According to a new study in Nature Chemical Biology, two recently approved drugs for treating leukemia may be credited for treating resistant lung cancer. Clinical trials are expected to begin in Toronto, Canada, and Zagreb, Croatia, later this year to evaluate 1 of them.
The study was performed using a new live cell-based method for identifying small molecules that target specific mutations in cancer cells, developed by researchers at the Donnelly center for cell and biomolecular research.
Gilteritinib and Midostaurin, 2 drugs approved for patients with leukemia, have been identified as potential treatments for patients with lung cancer with a triple mutant epidermal growth factor receptor (EGFR).
Gilteritinib will be tested in a pilot study of approximately 20 lung cancer patients whose tumors contain the c797s mutation. if successful, Gilteritinib could become the new standard of treatment for approximately 60,000 patients with lung cancer and the triple EGFR mutant.
Lung cancer is the leading cause of cancer death in the world, and non-small cell lung cancer is the most common type of disease, with about one-fifth of cases in North America caused by EGFR mutations.
There are dozens of approved kinase inhibitor drugs that target specific mutations in the catalytic domain of the receptor, but tumors quickly acquire new mutations and become resistant to drugs. One-third of lung cancer patients receiving Osimertinib, the last drug approved in 2017 against the double EGFR mutant, will develop a treatment-resistant c797s mutation within 6-9 months.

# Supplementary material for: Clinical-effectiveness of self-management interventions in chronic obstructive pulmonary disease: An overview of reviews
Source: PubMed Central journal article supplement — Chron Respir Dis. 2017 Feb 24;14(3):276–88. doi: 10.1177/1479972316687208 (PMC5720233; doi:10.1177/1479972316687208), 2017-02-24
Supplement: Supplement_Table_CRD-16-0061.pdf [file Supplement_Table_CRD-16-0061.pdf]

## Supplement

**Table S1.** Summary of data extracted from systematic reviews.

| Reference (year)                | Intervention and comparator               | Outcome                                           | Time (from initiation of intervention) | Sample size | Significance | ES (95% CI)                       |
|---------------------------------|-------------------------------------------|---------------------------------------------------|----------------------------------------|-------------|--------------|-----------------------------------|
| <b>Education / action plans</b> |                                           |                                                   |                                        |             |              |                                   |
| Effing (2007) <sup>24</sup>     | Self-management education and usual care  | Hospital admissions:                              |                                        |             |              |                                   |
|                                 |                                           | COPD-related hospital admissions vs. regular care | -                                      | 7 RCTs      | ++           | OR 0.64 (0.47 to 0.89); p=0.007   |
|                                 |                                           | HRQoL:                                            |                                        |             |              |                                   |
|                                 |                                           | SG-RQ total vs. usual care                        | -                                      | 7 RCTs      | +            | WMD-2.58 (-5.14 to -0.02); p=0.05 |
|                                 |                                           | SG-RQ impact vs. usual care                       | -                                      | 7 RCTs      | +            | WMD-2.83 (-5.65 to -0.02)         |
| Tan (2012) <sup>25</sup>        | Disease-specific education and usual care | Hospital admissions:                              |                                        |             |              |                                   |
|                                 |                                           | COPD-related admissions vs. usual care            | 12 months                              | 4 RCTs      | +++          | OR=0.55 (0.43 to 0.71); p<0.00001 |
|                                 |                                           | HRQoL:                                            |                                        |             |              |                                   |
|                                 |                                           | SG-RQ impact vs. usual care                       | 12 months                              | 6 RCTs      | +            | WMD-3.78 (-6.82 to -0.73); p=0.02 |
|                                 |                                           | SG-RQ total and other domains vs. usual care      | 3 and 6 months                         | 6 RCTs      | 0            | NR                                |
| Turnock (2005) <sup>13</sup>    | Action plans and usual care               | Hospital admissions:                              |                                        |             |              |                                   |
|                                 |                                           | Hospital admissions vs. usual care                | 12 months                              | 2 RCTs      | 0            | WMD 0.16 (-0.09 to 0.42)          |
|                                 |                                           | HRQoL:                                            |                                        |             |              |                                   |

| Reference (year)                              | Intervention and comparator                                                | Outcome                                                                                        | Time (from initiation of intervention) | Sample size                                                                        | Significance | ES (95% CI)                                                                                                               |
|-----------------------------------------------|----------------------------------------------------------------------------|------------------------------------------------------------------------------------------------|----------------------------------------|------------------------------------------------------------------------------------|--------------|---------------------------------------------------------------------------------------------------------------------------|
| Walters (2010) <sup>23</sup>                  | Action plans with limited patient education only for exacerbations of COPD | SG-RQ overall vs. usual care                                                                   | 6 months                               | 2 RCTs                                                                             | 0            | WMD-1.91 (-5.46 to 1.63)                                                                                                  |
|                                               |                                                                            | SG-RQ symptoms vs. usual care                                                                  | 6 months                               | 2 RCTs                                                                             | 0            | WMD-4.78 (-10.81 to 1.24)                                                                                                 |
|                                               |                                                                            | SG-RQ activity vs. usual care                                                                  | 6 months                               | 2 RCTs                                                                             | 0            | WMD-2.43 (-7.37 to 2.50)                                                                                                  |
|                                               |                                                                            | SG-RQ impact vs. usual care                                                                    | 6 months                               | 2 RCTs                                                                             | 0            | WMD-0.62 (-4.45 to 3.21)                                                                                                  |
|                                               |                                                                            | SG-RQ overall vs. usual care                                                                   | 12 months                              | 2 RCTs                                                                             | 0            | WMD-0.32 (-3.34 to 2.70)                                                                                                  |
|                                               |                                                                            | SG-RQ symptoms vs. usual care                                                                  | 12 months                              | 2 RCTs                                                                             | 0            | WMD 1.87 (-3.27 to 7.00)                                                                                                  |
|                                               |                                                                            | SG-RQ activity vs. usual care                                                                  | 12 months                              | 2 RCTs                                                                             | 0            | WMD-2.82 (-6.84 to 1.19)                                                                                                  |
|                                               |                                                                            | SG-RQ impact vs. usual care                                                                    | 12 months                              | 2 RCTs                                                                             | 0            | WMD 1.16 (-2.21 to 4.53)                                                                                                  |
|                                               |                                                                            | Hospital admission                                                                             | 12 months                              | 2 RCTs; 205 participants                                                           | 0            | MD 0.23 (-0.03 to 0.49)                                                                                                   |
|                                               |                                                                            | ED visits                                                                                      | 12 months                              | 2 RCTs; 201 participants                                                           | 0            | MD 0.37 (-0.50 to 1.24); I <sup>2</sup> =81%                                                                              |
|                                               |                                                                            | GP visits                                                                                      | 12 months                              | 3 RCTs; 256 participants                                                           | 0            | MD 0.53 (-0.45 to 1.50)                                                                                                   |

Researchers have developed a method for targeting mutations that occur in response to treatment by testing potential drug molecules directly in living cells, called mammalian membrane 2-hybrid drug screening (MaMTH-DS). The method identifies drug candidates that both enter cells and act on receptors in their natural environment.
In addition, MaMTH-DS allows you to identify drug molecules that target not only the kinase activity of the receptor, but also its interaction with other cellular proteins.
In a study dedicated to proving the principle, the research team looked for small molecules that can target the resistant c797s mutation in the triple EGFR mutant. Screening of nearly 3,000 molecules revealed 4 promising compounds that did not affect the normal receptor.
In addition to Midostaurin and Gilteritinib, the study also identified 2 more promising molecules. One of these molecules, EMI1, acts against the mutant EGFR by directing the receptor to degrade using other molecular mechanisms. The researchers noted that a more complex mechanism of action of EMI1 will make it difficult to develop resistance to tumors.
The research team is working to create an improved version of the EMI1 molecule so that its ability to shrink tumors can be evaluated in cancer models and, ultimately, in patients.